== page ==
Labour unveils Team Scotland to take on SNP

13 Scottish MPs have been charged with the responsibility of taking on the Nationalists

Labour has assembled a crack-team of 13 Scottish MPs to spearhead the fight against the SNP in the run up to the forthcoming independence referendum, which the Scottish Government has pledged to hold sometime between 2014 and 2016.

Led by new Shadow Scotland Secretary Margaret Curran, it is composed of some of the party's brightest young Scottish talent, including Gemma Doyle and Gregg McClymont, and a number of its more established figures like ex-Defence Secretary Lord Browne and former MSP and Scottish Executive minister Cathy Jamieson.

Commenting on its formation, Curran said the new group - which she described as "powerful"- would focus on the "big economic issues" and work to "hold the government at Westminster to account day in, day out". In an echo of the attack line used by Scottish Labour during its disastrous Holyrood election campaign earlier this year, she also drew a parallel between the Nationalist administration in Edinburgh and the Coalition administration in London: "These are tough times for many families caught between a Tory government cutting too hard and too fast, and an SNP government whose economic policy simply isn't working."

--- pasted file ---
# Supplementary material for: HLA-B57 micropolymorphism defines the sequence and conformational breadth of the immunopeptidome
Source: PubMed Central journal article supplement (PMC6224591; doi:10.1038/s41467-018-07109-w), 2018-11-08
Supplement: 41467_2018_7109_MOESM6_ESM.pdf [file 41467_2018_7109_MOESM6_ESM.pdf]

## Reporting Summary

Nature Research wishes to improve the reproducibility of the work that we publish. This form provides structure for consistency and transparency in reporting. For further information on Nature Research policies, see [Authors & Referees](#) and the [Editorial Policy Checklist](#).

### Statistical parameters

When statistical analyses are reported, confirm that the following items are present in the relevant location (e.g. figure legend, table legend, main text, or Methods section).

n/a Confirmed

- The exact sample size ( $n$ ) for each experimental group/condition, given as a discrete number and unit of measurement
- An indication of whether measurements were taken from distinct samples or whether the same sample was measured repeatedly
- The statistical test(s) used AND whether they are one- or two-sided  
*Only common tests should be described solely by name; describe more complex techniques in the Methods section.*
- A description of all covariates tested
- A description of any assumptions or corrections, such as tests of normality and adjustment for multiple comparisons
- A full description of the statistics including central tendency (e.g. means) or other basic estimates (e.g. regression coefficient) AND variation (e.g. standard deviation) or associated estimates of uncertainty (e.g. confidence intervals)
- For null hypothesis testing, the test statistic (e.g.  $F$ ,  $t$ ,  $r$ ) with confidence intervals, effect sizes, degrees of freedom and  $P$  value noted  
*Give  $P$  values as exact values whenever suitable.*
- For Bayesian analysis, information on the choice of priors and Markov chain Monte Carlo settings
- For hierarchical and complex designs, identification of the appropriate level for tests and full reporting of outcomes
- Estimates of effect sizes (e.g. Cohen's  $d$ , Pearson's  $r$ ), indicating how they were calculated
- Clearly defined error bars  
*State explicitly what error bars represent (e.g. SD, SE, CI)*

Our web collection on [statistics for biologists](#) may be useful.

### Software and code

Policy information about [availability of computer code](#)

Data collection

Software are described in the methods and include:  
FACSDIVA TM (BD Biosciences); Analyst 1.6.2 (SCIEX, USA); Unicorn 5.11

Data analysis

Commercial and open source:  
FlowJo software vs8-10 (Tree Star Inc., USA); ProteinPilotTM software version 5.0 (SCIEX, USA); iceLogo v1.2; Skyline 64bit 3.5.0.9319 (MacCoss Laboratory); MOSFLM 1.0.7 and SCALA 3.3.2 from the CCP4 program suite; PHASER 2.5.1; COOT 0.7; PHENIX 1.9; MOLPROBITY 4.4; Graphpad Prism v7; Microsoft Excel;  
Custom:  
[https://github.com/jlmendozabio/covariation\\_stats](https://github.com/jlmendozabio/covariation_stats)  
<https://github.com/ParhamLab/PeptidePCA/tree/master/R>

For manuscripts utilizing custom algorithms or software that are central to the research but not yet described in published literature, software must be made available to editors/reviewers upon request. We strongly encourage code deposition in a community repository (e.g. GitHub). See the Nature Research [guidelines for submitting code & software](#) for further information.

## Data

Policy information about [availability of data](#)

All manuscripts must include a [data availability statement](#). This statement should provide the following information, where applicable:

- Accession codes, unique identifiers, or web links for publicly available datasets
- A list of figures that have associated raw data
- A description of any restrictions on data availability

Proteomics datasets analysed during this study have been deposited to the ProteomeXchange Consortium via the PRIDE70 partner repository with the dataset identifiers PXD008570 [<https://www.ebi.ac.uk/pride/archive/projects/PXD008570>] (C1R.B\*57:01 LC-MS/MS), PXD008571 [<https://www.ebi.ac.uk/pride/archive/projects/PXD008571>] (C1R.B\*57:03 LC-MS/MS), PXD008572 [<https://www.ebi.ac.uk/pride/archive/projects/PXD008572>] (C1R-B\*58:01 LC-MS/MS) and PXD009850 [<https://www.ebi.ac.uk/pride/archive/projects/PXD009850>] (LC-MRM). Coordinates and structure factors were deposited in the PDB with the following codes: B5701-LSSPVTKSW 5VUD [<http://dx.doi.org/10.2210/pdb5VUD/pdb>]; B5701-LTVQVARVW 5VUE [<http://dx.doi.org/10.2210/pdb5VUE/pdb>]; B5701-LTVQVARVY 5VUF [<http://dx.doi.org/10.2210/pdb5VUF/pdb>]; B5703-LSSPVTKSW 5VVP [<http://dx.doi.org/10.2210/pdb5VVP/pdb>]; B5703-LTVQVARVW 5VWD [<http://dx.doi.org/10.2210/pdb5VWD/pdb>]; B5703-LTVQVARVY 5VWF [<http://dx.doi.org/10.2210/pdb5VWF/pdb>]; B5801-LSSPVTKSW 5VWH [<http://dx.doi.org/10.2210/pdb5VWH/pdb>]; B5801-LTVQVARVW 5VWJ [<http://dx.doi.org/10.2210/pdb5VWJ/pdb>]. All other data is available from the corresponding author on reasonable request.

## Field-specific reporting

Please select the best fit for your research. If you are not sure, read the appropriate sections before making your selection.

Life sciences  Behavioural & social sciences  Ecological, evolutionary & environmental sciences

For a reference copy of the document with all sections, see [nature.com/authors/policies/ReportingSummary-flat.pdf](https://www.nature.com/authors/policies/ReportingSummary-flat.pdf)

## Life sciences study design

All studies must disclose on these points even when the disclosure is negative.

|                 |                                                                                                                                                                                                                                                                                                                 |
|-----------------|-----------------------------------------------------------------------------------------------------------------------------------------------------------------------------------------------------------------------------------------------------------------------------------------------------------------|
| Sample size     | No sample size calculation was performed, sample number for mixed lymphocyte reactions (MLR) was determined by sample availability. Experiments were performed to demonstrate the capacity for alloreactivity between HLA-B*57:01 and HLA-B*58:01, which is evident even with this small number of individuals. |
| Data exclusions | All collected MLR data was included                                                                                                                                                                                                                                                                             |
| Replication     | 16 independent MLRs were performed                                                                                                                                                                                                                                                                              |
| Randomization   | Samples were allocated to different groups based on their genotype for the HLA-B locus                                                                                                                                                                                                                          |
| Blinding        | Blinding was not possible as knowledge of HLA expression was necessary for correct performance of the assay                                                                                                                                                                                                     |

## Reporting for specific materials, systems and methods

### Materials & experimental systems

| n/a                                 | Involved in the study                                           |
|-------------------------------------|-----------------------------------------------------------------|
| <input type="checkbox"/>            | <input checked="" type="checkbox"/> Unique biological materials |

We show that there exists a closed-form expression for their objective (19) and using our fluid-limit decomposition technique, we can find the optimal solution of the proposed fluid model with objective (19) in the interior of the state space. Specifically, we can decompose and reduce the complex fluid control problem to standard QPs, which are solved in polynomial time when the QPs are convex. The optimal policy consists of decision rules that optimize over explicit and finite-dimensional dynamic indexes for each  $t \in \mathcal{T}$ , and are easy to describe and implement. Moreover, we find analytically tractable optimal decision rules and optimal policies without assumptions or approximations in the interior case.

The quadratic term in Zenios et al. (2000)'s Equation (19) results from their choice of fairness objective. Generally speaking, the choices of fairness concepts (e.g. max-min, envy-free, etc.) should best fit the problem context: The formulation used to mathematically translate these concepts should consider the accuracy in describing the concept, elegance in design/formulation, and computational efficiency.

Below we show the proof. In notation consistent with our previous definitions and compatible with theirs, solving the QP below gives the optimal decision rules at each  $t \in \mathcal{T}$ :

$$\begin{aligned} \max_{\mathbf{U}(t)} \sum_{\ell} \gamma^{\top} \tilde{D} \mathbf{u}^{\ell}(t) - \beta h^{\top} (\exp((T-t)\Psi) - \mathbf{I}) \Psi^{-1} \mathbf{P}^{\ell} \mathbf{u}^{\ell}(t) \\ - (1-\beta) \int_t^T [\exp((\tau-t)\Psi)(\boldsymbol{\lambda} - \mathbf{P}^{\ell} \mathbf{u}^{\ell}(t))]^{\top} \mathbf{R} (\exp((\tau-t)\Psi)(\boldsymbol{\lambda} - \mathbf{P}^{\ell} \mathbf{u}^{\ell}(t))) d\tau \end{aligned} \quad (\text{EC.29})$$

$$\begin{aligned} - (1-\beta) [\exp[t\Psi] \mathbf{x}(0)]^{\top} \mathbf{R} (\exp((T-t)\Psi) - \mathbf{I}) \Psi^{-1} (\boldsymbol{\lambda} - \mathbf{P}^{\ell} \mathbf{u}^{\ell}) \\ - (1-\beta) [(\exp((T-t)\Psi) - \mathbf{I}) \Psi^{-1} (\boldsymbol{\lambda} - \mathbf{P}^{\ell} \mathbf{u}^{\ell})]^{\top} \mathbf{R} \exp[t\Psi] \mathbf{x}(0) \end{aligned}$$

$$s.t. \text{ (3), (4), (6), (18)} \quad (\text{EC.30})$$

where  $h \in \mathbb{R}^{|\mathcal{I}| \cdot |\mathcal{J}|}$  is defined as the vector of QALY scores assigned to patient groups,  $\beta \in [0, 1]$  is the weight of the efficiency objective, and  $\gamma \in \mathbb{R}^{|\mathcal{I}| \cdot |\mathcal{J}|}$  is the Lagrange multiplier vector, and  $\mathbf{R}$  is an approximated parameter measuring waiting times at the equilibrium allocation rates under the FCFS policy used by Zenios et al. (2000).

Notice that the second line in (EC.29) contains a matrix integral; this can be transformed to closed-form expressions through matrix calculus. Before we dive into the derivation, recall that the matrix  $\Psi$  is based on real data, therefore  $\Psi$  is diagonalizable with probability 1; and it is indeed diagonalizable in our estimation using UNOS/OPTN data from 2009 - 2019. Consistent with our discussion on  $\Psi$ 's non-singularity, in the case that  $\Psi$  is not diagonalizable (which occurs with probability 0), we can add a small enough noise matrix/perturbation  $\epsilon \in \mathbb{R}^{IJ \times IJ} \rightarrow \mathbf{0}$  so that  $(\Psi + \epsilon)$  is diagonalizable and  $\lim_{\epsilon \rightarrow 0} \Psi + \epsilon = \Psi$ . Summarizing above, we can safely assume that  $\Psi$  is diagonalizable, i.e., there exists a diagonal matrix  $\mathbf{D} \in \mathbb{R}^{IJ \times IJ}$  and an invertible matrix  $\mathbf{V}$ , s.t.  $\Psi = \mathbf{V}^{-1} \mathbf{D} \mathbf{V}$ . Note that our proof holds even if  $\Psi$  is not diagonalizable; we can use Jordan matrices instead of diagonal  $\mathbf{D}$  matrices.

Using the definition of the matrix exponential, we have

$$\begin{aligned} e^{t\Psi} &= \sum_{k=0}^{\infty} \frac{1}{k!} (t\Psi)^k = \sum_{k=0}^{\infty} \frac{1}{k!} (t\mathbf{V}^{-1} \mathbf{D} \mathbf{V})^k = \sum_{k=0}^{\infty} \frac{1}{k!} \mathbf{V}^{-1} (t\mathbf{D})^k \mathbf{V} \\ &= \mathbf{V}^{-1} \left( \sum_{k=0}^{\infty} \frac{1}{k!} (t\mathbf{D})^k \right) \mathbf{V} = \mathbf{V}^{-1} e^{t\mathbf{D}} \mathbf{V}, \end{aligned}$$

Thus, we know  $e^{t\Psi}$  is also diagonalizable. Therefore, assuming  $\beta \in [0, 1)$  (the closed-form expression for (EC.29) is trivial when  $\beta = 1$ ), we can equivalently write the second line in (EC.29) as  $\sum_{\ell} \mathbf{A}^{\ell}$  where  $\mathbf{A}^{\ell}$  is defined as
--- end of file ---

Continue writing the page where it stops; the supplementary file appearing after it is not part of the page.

However, the precise remit of 'Team Scotland' is unclear. How will it relate to the party north of the border, particularly in light of the latter's efforts to distance itself from Westminster influence? What part will it play in opposing Scottish Government policy, a role which had up until now been reserved for the MSP group? Crucially, will it be accountable to the next Scottish leader or to Ed Miliband?

These questions lay bare the dilemma Labour has found itself in with regard to Scotland over the last few years. For instance, if Curran's troupe is answerable to Miliband, the SNP will, rightly, take it as confirmation that the party has failed to come to terms with the nationalist dynamics currently fuelling Scotland's drive toward greater autonomy. If not, Salmond and his supporters will cite it as evidence that the Unionists are dancing to a separatist tune and claim a further, albeit minor, victory in their bid to dismantle the British political structure. Either way, Labour comes off second best and Curran certainly has her work cut out.